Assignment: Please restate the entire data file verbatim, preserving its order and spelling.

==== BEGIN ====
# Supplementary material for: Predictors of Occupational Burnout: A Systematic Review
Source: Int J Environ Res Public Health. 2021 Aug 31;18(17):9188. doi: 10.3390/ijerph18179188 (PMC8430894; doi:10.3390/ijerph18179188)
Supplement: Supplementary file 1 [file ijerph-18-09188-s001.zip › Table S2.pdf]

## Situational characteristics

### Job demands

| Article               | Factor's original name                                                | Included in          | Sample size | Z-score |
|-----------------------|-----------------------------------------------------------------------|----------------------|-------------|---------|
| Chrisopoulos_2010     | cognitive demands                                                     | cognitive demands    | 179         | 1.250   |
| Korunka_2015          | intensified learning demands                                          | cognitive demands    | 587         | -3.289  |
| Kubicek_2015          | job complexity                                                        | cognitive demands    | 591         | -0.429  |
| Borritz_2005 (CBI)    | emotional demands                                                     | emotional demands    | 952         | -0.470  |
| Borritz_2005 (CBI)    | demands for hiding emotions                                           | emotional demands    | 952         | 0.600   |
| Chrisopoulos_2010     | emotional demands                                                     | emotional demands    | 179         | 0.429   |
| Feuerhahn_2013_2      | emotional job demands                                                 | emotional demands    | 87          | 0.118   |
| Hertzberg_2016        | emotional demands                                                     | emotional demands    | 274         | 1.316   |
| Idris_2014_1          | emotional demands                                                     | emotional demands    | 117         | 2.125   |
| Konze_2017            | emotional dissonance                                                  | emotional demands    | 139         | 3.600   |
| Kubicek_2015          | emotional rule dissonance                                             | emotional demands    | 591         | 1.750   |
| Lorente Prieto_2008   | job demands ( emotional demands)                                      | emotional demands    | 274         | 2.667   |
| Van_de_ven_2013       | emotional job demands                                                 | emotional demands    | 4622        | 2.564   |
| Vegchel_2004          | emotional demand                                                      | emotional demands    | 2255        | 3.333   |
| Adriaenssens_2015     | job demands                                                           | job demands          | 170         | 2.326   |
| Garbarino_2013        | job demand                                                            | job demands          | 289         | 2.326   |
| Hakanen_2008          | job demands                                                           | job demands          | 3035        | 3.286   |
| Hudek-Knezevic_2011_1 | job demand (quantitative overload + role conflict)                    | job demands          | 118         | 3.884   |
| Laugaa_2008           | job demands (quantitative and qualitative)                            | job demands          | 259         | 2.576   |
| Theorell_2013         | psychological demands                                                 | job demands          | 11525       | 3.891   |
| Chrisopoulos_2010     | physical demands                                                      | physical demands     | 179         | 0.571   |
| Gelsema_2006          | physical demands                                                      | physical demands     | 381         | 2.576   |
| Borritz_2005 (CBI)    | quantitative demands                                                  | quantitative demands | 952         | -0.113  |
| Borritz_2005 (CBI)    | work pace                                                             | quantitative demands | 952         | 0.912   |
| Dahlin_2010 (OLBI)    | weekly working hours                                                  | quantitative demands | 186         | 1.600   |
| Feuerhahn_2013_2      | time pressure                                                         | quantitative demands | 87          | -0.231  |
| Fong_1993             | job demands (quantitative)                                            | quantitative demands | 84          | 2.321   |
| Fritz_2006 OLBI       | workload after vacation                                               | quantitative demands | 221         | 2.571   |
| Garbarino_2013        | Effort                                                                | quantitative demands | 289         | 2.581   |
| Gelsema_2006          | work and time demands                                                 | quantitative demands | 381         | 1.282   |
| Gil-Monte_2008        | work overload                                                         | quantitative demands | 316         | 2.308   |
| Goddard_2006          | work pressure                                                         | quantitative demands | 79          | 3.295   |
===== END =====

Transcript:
# Supplementary material for: Predictors of Occupational Burnout: A Systematic Review
Source: Int J Environ Res Public Health. 2021 Aug 31;18(17):9188. doi: 10.3390/ijerph18179188 (PMC8430894; doi:10.3390/ijerph18179188)
Supplement: Supplementary file 1 [file ijerph-18-09188-s001.zip › Table S2.pdf]

## Situational characteristics

### Job demands

| Article               | Factor's original name                                                | Included in          | Sample size | Z-score |
|-----------------------|-----------------------------------------------------------------------|----------------------|-------------|---------|
| Chrisopoulos_2010     | cognitive demands                                                     | cognitive demands    | 179         | 1.250   |
| Korunka_2015          | intensified learning demands                                          | cognitive demands    | 587         | -3.289  |
| Kubicek_2015          | job complexity                                                        | cognitive demands    | 591         | -0.429  |
| Borritz_2005 (CBI)    | emotional demands                                                     | emotional demands    | 952         | -0.470  |
| Borritz_2005 (CBI)    | demands for hiding emotions                                           | emotional demands    | 952         | 0.600   |
| Chrisopoulos_2010     | emotional demands                                                     | emotional demands    | 179         | 0.429   |
| Feuerhahn_2013_2      | emotional job demands                                                 | emotional demands    | 87          | 0.118   |
| Hertzberg_2016        | emotional demands                                                     | emotional demands    | 274         | 1.316   |
| Idris_2014_1          | emotional demands                                                     | emotional demands    | 117         | 2.125   |
| Konze_2017            | emotional dissonance                                                  | emotional demands    | 139         | 3.600   |
| Kubicek_2015          | emotional rule dissonance                                             | emotional demands    | 591         | 1.750   |
| Lorente Prieto_2008   | job demands ( emotional demands)                                      | emotional demands    | 274         | 2.667   |
| Van_de_ven_2013       | emotional job demands                                                 | emotional demands    | 4622        | 2.564   |
| Vegchel_2004          | emotional demand                                                      | emotional demands    | 2255        | 3.333   |
| Adriaenssens_2015     | job demands                                                           | job demands          | 170         | 2.326   |
| Garbarino_2013        | job demand                                                            | job demands          | 289         | 2.326   |
| Hakanen_2008          | job demands                                                           | job demands          | 3035        | 3.286   |
| Hudek-Knezevic_2011_1 | job demand (quantitative overload + role conflict)                    | job demands          | 118         | 3.884   |
| Laugaa_2008           | job demands (quantitative and qualitative)                            | job demands          | 259         | 2.576   |
| Theorell_2013         | psychological demands                                                 | job demands          | 11525       | 3.891   |
| Chrisopoulos_2010     | physical demands                                                      | physical demands     | 179         | 0.571   |
| Gelsema_2006          | physical demands                                                      | physical demands     | 381         | 2.576   |
| Borritz_2005 (CBI)    | quantitative demands                                                  | quantitative demands | 952         | -0.113  |
| Borritz_2005 (CBI)    | work pace                                                             | quantitative demands | 952         | 0.912   |
| Dahlin_2010 (OLBI)    | weekly working hours                                                  | quantitative demands | 186         | 1.600   |
| Feuerhahn_2013_2      | time pressure                                                         | quantitative demands | 87          | -0.231  |
| Fong_1993             | job demands (quantitative)                                            | quantitative demands | 84          | 2.321   |
| Fritz_2006 OLBI       | workload after vacation                                               | quantitative demands | 221         | 2.571   |
| Garbarino_2013        | Effort                                                                | quantitative demands | 289         | 2.581   |
| Gelsema_2006          | work and time demands                                                 | quantitative demands | 381         | 1.282   |
| Gil-Monte_2008        | work overload                                                         | quantitative demands | 316         | 2.308   |
| Goddard_2006          | work pressure                                                         | quantitative demands | 79          | 3.295   |